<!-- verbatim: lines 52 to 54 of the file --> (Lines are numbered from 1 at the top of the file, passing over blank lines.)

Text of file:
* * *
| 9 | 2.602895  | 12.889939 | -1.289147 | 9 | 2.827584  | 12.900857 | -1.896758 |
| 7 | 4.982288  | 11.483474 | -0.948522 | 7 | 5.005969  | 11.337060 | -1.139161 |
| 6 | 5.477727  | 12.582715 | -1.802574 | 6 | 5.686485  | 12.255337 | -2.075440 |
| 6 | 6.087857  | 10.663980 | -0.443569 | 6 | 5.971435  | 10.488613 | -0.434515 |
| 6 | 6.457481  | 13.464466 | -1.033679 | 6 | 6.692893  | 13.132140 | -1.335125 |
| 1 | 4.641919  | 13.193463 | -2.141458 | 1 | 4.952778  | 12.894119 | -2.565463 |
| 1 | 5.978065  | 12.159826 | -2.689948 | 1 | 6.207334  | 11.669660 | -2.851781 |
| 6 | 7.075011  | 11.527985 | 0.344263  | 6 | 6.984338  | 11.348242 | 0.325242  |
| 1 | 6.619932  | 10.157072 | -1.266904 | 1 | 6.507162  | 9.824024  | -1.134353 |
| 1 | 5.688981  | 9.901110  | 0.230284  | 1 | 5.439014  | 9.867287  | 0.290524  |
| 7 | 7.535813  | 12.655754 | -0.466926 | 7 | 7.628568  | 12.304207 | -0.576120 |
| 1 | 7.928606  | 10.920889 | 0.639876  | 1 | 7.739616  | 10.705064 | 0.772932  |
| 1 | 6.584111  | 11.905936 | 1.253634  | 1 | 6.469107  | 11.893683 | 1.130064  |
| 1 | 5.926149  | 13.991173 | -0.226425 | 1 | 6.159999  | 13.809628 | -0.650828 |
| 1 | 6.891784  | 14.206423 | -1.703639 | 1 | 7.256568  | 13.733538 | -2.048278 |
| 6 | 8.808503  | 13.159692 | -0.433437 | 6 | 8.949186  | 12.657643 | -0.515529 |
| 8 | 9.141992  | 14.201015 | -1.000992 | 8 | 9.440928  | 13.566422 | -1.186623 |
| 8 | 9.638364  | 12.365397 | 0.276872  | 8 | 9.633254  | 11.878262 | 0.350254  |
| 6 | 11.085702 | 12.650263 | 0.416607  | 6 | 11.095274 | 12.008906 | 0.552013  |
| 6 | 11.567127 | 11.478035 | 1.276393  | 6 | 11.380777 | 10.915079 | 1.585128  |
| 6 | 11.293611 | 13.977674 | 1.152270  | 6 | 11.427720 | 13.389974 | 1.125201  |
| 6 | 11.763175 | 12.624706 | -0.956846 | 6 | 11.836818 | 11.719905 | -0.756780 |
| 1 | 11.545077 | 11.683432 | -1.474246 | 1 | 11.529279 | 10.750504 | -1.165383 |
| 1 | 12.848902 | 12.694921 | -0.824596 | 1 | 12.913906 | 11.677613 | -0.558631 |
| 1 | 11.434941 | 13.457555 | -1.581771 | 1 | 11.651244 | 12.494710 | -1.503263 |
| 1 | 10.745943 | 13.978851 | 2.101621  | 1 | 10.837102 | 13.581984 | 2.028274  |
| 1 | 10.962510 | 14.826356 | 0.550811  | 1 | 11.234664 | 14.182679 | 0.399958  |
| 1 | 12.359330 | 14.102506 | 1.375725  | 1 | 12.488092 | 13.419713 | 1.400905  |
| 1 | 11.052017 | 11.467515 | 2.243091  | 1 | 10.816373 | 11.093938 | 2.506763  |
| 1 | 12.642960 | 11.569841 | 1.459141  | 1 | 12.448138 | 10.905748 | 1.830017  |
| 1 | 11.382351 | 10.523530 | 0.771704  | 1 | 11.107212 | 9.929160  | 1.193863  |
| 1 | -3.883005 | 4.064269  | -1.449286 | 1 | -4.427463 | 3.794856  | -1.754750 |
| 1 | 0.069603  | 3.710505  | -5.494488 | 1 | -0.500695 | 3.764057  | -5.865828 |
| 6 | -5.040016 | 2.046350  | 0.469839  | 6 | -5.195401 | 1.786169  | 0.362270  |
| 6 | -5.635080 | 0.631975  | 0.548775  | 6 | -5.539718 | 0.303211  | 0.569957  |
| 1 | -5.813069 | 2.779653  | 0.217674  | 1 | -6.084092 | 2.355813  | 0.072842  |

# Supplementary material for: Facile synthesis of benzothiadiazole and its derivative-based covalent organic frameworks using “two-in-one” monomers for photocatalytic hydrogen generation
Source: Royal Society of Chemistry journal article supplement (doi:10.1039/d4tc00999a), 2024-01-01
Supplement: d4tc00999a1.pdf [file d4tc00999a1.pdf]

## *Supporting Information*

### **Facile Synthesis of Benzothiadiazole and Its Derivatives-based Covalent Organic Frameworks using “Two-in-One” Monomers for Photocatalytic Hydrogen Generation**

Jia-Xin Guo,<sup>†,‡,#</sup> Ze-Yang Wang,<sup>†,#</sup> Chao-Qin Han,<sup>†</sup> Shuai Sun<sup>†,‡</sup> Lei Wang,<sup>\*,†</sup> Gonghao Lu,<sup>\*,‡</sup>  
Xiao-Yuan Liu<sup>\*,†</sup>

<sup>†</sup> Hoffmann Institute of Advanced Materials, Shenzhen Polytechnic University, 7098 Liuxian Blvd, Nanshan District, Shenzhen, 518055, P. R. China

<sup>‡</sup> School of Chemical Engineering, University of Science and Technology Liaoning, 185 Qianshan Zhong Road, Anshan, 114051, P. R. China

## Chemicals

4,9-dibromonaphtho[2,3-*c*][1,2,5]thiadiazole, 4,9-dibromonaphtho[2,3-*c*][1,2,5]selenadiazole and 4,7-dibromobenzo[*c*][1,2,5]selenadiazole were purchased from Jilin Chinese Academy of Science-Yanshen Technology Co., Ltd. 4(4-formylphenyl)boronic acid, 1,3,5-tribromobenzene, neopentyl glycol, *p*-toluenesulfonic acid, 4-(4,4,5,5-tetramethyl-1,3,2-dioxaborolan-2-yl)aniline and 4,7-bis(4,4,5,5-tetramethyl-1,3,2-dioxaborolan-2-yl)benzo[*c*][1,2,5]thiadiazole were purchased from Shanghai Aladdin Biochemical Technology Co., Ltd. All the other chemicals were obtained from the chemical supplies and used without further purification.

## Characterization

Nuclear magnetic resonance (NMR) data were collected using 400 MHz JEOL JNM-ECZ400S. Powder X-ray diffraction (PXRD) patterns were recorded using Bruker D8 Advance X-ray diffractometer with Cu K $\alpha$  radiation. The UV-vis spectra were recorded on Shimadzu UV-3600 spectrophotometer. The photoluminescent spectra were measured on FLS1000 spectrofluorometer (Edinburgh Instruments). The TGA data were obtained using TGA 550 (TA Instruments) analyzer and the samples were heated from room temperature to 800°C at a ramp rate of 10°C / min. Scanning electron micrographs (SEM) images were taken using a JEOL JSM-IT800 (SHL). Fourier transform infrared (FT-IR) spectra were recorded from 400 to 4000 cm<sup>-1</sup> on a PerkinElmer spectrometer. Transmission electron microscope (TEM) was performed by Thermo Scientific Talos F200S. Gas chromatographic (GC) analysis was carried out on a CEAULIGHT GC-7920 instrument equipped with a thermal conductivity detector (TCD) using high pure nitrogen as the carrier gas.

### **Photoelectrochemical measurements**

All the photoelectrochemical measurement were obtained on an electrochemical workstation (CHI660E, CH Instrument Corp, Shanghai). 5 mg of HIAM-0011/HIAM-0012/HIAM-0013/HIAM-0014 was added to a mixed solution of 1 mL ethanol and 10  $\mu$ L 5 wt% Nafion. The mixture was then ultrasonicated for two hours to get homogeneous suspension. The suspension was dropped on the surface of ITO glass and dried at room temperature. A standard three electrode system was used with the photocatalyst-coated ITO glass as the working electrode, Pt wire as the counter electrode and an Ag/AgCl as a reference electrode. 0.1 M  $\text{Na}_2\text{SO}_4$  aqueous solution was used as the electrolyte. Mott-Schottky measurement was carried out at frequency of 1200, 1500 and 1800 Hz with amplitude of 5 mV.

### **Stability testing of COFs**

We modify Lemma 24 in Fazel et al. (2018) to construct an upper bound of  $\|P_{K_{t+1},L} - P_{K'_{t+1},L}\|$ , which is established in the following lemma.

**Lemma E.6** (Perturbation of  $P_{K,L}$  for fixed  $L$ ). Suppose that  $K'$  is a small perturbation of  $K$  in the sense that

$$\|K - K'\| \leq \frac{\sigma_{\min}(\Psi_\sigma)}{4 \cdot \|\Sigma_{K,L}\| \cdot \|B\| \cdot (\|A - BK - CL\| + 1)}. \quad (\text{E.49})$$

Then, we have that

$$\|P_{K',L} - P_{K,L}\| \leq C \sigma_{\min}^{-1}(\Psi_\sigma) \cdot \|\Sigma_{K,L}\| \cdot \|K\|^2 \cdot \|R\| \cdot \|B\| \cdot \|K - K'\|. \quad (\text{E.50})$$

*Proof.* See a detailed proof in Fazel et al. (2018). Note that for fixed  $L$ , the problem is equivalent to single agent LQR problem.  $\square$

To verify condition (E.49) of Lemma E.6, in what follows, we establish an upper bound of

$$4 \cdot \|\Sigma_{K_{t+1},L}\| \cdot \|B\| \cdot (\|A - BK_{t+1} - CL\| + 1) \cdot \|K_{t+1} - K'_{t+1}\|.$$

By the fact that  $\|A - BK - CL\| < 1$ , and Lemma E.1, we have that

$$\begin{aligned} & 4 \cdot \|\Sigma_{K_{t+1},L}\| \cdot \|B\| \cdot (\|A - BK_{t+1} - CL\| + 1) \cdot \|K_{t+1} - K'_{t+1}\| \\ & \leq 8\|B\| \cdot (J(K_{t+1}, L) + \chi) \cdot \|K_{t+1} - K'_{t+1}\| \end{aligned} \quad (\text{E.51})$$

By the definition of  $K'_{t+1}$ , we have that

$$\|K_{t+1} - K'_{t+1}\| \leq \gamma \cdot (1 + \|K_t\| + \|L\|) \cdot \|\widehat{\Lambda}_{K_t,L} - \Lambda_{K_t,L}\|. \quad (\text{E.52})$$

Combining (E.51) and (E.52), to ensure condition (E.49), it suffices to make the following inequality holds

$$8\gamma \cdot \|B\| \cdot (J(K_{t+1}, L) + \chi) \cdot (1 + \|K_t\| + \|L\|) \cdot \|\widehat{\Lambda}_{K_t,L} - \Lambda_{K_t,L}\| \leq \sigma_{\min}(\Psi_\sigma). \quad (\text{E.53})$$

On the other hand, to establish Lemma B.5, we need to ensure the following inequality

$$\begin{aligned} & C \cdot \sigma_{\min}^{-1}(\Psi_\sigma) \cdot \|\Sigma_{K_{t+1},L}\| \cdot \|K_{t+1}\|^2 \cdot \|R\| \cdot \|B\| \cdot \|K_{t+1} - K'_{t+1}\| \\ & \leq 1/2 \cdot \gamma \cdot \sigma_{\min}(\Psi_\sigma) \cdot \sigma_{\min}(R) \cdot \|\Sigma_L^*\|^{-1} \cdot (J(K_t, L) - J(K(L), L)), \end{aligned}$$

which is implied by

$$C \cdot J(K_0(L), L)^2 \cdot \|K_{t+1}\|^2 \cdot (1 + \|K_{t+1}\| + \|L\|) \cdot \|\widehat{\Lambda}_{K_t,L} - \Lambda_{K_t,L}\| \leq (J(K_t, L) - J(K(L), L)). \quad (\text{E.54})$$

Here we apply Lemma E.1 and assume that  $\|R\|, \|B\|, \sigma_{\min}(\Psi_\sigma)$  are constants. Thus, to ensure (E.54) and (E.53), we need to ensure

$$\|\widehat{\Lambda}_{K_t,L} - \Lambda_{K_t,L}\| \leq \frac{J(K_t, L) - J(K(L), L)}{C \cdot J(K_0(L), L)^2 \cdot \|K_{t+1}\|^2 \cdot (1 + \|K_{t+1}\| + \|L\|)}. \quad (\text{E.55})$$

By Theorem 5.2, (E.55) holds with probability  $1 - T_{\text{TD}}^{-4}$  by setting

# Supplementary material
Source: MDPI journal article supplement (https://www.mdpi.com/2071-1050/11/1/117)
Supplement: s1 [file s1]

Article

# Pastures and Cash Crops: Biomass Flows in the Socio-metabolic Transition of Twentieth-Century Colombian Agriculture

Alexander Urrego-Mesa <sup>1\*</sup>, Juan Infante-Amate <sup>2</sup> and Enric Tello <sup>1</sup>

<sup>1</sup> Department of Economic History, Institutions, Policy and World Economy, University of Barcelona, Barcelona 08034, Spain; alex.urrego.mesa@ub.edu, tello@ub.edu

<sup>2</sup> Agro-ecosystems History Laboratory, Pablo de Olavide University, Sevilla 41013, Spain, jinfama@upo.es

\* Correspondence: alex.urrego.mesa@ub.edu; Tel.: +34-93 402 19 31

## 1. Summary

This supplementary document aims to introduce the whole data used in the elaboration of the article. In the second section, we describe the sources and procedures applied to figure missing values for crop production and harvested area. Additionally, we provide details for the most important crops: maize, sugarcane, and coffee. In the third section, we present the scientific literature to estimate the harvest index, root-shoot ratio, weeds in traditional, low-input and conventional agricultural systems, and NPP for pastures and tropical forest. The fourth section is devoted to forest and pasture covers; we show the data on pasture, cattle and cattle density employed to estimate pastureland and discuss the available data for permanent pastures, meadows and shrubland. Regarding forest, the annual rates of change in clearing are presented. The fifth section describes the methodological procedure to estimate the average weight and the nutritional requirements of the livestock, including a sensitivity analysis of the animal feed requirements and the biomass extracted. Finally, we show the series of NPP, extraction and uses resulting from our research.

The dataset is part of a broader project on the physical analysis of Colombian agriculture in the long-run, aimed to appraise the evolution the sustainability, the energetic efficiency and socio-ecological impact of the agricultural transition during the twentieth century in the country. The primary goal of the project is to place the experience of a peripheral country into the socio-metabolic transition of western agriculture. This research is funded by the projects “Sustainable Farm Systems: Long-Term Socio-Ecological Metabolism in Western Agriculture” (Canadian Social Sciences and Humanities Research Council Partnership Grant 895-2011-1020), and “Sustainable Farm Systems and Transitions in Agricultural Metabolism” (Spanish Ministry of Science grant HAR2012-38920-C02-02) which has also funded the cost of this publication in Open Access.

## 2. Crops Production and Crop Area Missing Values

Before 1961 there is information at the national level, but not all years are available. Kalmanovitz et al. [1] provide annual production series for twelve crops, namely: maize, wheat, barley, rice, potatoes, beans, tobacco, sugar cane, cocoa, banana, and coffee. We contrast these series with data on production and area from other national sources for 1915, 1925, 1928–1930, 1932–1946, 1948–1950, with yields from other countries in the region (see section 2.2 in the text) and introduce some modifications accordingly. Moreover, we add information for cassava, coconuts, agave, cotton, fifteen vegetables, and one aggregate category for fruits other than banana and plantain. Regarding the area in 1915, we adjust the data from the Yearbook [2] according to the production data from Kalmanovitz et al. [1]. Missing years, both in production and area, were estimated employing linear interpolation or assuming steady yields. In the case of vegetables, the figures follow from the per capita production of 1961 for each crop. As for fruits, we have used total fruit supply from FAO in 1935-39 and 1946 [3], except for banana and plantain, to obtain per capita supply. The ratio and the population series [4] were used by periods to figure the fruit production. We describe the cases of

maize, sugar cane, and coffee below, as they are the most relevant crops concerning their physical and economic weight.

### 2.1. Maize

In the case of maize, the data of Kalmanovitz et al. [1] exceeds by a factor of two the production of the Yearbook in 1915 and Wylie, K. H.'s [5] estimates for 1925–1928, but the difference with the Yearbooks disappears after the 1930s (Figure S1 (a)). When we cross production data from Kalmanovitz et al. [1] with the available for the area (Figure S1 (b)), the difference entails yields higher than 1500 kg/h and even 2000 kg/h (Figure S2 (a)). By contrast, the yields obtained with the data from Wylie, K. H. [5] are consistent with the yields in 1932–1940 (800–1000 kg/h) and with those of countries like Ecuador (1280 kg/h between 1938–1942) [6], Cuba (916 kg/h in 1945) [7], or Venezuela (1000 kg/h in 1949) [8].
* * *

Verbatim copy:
### **Stability testing of COFs**

We modify Lemma 24 in Fazel et al. (2018) to construct an upper bound of  $\|P_{K_{t+1},L} - P_{K'_{t+1},L}\|$ , which is established in the following lemma.

**Lemma E.6** (Perturbation of  $P_{K,L}$  for fixed  $L$ ). Suppose that  $K'$  is a small perturbation of  $K$  in the sense that